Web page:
Wednesday, October 19, 2005

It's not clear whether President Bush will actually fight to implement the recommendations of his tax advisory commission, but if he does, there goes the housing boom that's been propping up the economy. As if high energy prices aren't already going to rein in the sale of expensive-to-heat McMansions in long-commute exurbs, now Bush's advisors are recommending this:

At present, all interest payments on mortgage loans smaller than $1 million are deductible. For the new mortgage interest credit, however, both plans would lower the mortgage limit to the maximum that the Federal Housing Administration will insure. That level changes each year and varies depending on housing costs in each county, with a current maximum loan limit of $312,895, in communities where housing is most expensive, and a national average of about $244,000.

I'm sure that will be a comfort, say, in California, where the median home price in August was $568,890.

Yes, the commission also wants to repeal the alternate minimum tax, which will surely help many owners of high-priced homes (and also many owners of second homes -- the commission wants to eliminate the deductibility of second-home mortgage interest). But then there's this:

Deductions of the interest payments on home-equity loans ... would be disallowed.

As of mid-2003, "homeowners had $315 billion in outstanding debt from home equity lines of credit...The average line of credit available as of June 2003 was about $69,500." I can't believe that all those debtors are AMT payers.

This is supposed to soften the shock:

These provisions would be phased in over five years to allow taxpayers to adjust to the changes.

Yes, that might ease the pain somewhat until Bush is safely out of office, but it would also make a lot of people think twice about home-buying decisions right away -- if you're buying a home, you have to think about tax consequences a few years into the future.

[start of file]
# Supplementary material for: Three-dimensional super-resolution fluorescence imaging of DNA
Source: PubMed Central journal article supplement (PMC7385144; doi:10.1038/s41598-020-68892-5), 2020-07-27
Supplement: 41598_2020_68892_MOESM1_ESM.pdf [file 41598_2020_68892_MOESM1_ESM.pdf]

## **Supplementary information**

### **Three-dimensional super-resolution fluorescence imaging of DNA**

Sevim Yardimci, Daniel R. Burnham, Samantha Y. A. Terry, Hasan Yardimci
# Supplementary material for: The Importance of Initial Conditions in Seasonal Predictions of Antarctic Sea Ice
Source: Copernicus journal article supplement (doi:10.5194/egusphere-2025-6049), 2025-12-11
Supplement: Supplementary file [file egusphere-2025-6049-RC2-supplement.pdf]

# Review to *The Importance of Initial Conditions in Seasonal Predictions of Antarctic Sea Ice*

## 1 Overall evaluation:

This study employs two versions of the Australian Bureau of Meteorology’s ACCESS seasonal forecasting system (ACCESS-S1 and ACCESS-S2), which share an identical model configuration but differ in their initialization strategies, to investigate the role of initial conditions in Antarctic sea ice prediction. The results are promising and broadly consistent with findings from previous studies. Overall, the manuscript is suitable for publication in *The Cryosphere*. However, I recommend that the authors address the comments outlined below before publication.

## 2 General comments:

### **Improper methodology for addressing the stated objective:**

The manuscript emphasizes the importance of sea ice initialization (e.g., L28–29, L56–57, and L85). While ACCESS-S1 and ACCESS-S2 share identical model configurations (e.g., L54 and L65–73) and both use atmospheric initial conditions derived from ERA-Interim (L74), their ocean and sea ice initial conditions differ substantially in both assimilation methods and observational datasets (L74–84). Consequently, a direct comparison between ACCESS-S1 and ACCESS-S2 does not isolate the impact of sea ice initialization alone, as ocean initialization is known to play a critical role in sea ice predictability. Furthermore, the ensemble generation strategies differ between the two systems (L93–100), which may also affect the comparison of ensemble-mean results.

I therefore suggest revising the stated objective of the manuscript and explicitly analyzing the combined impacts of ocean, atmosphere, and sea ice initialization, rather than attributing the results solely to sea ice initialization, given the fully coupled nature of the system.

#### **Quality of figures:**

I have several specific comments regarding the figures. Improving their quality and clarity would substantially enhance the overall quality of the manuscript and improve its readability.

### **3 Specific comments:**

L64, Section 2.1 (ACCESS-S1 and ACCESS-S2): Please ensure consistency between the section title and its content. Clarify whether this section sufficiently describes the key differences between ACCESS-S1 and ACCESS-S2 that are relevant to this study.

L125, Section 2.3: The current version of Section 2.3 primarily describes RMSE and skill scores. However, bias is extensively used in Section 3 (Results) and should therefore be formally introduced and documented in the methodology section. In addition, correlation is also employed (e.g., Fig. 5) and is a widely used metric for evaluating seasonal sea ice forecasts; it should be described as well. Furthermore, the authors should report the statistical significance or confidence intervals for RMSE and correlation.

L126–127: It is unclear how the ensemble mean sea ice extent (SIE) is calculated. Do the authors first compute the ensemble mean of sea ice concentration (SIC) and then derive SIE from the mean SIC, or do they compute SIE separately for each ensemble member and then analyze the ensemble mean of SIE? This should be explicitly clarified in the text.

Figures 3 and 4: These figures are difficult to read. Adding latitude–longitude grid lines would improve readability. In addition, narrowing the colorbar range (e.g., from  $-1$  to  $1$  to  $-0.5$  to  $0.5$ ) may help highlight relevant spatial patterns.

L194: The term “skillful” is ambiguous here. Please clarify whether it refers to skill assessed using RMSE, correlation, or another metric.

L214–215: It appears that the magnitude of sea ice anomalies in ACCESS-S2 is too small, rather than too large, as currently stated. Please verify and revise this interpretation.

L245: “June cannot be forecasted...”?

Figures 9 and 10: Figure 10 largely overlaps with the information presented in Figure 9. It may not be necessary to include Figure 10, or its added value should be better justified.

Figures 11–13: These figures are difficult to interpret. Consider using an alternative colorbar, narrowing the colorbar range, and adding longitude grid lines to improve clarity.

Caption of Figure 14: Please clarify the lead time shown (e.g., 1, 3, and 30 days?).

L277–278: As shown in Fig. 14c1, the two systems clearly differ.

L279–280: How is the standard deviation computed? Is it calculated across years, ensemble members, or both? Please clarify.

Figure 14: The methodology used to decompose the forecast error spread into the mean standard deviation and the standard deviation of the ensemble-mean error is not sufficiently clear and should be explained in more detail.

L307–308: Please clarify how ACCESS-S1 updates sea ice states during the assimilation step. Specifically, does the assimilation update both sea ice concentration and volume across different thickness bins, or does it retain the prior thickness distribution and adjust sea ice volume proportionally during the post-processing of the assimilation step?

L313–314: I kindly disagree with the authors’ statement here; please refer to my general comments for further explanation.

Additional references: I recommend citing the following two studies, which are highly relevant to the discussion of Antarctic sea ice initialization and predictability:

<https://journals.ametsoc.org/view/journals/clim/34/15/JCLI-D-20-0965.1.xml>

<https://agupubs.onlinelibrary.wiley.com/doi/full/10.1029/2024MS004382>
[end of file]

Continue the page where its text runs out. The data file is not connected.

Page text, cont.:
Unless, of course, you're buying the home to flip it rather than to, you know, live in it for a while. And that gives away the bias of this commission: It rewards wheeling and dealing; it punishes working for a steady paycheck and saving up your pay to buy a house to come home to at the end of the workday. Consider this:

The commission would also raise to $600,000 from $500,000 the amount of profits from home sales that could be excluded from capital gains.

And consider other, non-housing-related proposals:

One would eliminate taxes on dividends paid by American companies and lower the top capital gains rate to 8.25 percent on the sale of stock in such companies, while continuing to tax interest income at the same rate as wages.

... the maximum corporate tax rate [would be lowered] to 32 percent from 35 percent.

That's a central tenet of Bushism: Everyone should be an entrepreneur, a capitalist, a buyer and seller. No one should be a worker -- certainly no one should want to be one. Workers are chumps.

The Bushists are half-right about that -- workers who voted for Bush are chumps.

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